If you sorted out the butchered grammar and theft of German, you'll find that what I was trying to say, before being captivated by alliteration, is that Tesh sent a tweet that said the following:
"There's something deeply ironic in players whining that #WoW is too easy, but they want challenge handed to them on a golden platter."
Challenge is not in a vacuum, nor is it desired as such.
First off, players may not want challenges as much as they want things that other people will fail at. These serve the dual purposes of sorting and superiority mechanisms. They assist people in forming tribes and feeling superior to the people in the other tribes.
Second, they may want challenges, but they want challenges that they can brag about. This is when obscurity and balance come into play. First off, the challenge cannot be obscure. Imagine trying to brag about something in a game to somehow who has never played a videogame before. See how the audience needs context and a sense of the scale of the challenge? So saying "I soloed X" piece of content, if few people have done that content, or only did it at much higher levels, or anything else that would prevent them from recognizing the challenge and how it has been overcome, with be ineffective.
Balance matters as well. If I beat the challenge and so did you, then we should each be above the same benchmark of performance. If I beat it and you don't, it means I am above and you are below. Imagine if the challenge was not balance, so that my paladin can beat the supposed challenge with ease, while your hunter has to be played perfectly to beat it. Now the challenge is non-existent for me, while for you it is hard to brag about, because for any non-hunter, it seems trivial. Sometimes there can be a "as a hunter" modifier, but those are not perfect. Then there is the scenario in which it is hard for a paladin and harder for a hunter, so in theory both of us can brag, but I can't brag around you because of the imbalance.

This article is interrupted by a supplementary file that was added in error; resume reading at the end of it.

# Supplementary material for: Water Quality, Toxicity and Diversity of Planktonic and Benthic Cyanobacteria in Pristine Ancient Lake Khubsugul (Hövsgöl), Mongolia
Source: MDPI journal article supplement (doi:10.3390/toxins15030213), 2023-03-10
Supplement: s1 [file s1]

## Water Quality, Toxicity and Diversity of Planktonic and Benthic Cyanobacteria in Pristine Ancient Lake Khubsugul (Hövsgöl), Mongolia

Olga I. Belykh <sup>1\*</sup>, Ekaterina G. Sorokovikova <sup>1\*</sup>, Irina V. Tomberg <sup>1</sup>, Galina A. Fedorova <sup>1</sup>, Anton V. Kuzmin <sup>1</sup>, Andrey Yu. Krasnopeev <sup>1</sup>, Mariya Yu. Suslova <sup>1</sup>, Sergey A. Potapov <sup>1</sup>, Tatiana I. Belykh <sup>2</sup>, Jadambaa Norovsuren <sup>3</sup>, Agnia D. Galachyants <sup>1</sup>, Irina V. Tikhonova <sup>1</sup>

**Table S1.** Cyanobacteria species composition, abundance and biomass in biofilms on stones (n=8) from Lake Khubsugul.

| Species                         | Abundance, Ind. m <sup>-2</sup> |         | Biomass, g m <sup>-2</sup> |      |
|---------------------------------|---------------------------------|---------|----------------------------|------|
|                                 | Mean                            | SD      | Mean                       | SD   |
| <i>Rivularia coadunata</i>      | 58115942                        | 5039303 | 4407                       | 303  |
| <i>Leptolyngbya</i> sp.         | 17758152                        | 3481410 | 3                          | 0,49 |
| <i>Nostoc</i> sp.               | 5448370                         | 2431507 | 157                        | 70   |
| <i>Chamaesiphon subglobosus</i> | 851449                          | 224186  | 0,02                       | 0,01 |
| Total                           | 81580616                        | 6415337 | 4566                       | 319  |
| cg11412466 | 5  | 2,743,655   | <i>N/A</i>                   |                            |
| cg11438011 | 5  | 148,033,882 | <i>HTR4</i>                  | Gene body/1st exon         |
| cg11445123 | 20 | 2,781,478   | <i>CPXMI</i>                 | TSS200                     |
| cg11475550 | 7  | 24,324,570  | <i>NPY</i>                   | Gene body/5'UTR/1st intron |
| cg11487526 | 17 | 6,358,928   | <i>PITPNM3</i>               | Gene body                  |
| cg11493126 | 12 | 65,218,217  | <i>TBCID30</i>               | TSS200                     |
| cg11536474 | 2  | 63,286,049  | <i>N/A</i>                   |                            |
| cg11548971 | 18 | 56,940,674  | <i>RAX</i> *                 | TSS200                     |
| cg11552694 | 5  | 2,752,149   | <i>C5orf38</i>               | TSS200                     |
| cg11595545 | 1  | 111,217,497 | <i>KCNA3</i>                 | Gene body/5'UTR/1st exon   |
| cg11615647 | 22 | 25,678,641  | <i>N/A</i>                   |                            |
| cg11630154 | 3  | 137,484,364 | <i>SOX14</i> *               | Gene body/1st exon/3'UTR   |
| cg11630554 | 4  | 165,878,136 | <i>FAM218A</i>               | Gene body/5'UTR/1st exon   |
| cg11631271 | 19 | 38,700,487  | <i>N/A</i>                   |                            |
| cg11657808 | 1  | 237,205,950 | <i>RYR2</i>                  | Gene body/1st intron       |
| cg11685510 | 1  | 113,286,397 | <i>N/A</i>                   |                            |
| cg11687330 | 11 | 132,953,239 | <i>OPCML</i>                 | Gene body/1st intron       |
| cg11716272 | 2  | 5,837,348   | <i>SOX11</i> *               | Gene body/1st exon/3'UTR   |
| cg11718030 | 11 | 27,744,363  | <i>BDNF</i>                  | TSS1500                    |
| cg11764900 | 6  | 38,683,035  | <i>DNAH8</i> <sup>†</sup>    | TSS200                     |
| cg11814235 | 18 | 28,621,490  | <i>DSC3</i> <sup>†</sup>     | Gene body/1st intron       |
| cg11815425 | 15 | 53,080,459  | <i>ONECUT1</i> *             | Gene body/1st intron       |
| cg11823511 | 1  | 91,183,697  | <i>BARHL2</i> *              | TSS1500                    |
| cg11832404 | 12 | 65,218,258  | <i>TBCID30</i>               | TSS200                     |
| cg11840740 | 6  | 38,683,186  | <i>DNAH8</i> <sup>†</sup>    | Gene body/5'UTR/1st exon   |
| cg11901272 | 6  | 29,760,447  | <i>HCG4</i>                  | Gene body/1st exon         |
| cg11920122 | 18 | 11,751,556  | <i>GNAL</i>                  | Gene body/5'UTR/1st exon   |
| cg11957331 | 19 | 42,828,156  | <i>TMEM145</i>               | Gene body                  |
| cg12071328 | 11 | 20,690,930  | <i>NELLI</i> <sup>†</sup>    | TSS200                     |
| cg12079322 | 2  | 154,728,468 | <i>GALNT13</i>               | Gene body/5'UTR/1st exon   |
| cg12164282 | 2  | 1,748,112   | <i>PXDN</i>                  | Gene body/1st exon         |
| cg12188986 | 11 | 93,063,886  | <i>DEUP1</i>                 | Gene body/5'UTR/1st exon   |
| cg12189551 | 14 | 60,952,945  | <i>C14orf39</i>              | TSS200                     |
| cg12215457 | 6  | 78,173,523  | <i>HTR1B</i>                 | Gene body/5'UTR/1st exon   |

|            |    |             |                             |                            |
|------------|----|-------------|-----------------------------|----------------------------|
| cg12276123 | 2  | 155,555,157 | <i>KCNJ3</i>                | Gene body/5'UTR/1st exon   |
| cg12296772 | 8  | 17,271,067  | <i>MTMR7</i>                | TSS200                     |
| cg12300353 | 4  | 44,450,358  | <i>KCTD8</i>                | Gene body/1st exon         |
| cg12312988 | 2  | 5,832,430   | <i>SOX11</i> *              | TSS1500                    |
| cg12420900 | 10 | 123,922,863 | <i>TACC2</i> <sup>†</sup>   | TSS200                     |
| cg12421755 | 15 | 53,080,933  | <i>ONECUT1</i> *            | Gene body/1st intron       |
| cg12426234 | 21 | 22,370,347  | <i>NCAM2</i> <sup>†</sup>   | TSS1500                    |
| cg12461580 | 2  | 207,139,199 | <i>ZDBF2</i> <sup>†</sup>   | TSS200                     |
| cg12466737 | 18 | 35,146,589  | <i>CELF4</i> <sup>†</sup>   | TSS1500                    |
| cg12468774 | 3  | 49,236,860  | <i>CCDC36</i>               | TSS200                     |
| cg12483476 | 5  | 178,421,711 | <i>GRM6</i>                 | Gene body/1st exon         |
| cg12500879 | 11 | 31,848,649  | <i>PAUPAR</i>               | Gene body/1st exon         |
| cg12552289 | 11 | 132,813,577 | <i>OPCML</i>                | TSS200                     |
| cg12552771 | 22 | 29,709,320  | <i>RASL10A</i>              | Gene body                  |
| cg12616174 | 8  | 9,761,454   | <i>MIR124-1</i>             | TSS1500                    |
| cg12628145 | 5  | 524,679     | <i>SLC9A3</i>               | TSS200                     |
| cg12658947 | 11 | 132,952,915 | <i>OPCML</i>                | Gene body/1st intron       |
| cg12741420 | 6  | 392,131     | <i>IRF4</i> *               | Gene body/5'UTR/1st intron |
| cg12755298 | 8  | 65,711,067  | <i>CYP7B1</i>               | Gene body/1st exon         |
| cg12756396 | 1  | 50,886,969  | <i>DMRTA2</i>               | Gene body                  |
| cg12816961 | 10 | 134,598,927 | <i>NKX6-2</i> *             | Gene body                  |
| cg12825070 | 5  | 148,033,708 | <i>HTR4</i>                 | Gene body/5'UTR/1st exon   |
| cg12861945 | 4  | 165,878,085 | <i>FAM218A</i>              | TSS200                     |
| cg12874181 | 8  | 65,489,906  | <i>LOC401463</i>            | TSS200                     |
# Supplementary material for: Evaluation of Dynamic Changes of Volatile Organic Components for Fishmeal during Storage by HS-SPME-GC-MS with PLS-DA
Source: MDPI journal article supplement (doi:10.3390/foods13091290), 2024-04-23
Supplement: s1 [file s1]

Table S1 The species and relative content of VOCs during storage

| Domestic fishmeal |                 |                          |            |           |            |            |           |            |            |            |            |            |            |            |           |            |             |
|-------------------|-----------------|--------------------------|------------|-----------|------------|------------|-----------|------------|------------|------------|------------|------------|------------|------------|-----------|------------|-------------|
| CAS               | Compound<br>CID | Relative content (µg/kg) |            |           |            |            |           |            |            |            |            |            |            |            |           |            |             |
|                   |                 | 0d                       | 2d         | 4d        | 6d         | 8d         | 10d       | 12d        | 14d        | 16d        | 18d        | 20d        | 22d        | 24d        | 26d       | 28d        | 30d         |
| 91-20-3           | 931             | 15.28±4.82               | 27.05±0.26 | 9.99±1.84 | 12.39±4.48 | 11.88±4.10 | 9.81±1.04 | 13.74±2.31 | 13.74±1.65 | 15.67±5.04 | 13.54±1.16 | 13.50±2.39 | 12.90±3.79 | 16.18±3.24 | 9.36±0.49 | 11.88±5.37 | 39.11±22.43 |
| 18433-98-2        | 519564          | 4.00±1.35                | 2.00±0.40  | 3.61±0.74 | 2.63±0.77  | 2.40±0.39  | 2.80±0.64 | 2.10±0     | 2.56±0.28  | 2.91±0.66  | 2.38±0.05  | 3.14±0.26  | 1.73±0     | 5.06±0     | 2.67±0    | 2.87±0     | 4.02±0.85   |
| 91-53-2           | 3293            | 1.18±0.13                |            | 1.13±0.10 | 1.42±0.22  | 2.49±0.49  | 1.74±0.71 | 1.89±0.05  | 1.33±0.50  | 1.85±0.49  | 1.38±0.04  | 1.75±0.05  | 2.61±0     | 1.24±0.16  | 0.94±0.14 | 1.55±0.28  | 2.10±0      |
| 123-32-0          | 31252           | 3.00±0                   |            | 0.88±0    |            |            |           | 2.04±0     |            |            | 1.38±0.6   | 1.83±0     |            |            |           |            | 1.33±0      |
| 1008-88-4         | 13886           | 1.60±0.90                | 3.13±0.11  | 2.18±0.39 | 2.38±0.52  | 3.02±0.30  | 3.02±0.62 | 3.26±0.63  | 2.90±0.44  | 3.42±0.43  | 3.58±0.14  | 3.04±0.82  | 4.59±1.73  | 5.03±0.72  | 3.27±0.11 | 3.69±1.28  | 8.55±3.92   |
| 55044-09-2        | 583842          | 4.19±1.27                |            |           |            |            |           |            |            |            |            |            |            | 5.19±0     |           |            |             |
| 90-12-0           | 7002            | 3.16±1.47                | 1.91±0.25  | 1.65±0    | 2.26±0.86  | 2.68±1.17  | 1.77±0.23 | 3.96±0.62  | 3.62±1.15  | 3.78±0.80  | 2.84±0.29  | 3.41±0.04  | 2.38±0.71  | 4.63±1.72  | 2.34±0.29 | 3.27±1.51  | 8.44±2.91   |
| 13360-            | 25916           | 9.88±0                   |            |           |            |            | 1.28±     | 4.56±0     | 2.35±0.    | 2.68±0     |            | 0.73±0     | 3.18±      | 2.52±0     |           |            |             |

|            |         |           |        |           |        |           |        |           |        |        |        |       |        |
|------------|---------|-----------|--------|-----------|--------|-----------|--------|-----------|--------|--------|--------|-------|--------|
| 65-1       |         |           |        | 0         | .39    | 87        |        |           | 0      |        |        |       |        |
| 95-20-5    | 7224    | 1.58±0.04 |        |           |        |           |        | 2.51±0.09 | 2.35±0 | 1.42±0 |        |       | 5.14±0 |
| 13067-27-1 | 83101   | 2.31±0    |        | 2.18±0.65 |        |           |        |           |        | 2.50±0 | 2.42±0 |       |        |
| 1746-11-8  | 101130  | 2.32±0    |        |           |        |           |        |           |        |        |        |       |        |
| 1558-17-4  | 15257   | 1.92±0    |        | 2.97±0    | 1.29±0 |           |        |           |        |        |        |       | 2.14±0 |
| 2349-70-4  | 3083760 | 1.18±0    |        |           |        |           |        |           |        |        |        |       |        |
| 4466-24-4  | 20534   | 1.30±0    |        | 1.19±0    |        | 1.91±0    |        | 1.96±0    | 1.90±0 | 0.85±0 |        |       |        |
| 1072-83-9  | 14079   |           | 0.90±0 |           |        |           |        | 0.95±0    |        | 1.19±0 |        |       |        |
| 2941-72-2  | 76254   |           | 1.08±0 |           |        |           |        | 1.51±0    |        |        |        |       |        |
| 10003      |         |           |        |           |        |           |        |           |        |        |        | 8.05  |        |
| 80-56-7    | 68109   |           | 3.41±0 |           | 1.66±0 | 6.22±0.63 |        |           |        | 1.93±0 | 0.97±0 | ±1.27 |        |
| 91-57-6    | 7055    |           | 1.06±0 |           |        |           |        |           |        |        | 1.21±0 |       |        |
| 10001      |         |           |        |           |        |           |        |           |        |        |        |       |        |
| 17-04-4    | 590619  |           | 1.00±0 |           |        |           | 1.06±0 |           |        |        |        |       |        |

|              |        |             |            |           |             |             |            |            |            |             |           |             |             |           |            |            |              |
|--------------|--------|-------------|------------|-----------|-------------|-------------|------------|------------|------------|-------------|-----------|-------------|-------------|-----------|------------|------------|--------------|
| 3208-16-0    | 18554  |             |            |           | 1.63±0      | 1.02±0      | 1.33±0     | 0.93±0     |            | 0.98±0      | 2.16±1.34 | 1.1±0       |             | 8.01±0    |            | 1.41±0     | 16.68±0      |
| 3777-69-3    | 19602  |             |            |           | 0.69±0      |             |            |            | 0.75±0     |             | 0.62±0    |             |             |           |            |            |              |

Then there is the issue of whether it is even worth trying. This is a progression problem. I could seek out challenges on my own. So I go out and as a level 20 I decide to solo Ulduman. It won't work, no matter how awesome I am. When can I come back and expect a challenge? Am I supposed to come back every couple levels and bash my head against the wall until I have beaten it? When I cannot yet beat it, do I need more practice or more levels? Notice how none of that was about challenge itself, instead the activity described was merely frustrating repetitive failure, with a high possibility of the impossibility of success.
Maybe I could construct challenge more easily, or maybe conveniently is the better word, by leveling up to where I need to be (oops, how am I determining this? I guess I'll be lazy and try quest color), and then taking off gear, retrying each time I succeed, until I fail, at which point I will define one piece of gear higher to be the point of challenge. That sounds like a pretty stupid idea to me.
There's nothing contradictory about wanting challenge "handed to you on a silver platter." It is sensible. It is a way of knowing if an activity can be expected to be challenging and therefore worth doing for the challenge-seeker, or whether it should be bypassed. Being directed to the challenges does not remove challenge derived from the search, since there is none, only time-wasting repetition that gets in the way of the desired content: challenge.
So in fact the true contradiction is Tesh's, with his dislike of time-wasting, pointless content gates, and his apparent belief that we're supposed to be wandering the world hoping to stumble across a challenge, without any "silver platters."
Finally, beside all that, if a game is meant to be challenging, it is my assumption, and probably that of most gamers, that it will readily provide challenge, rather than an amalgam of NPCs, mechanics, levels, and loot, which will, under certain circumstances and when combined in certain ways, yield a challenge. That would be like if TOR marketed itself a story-driven MMO, and then turned out to be a reskin of SWG, a sandbox, and we were told "go find your own stories!" Actually that could work, so maybe I picked a bad example. How about a box of scissors that you need a pair of scissors to open? Even worse, and totally non-analogous, but I like the imagery.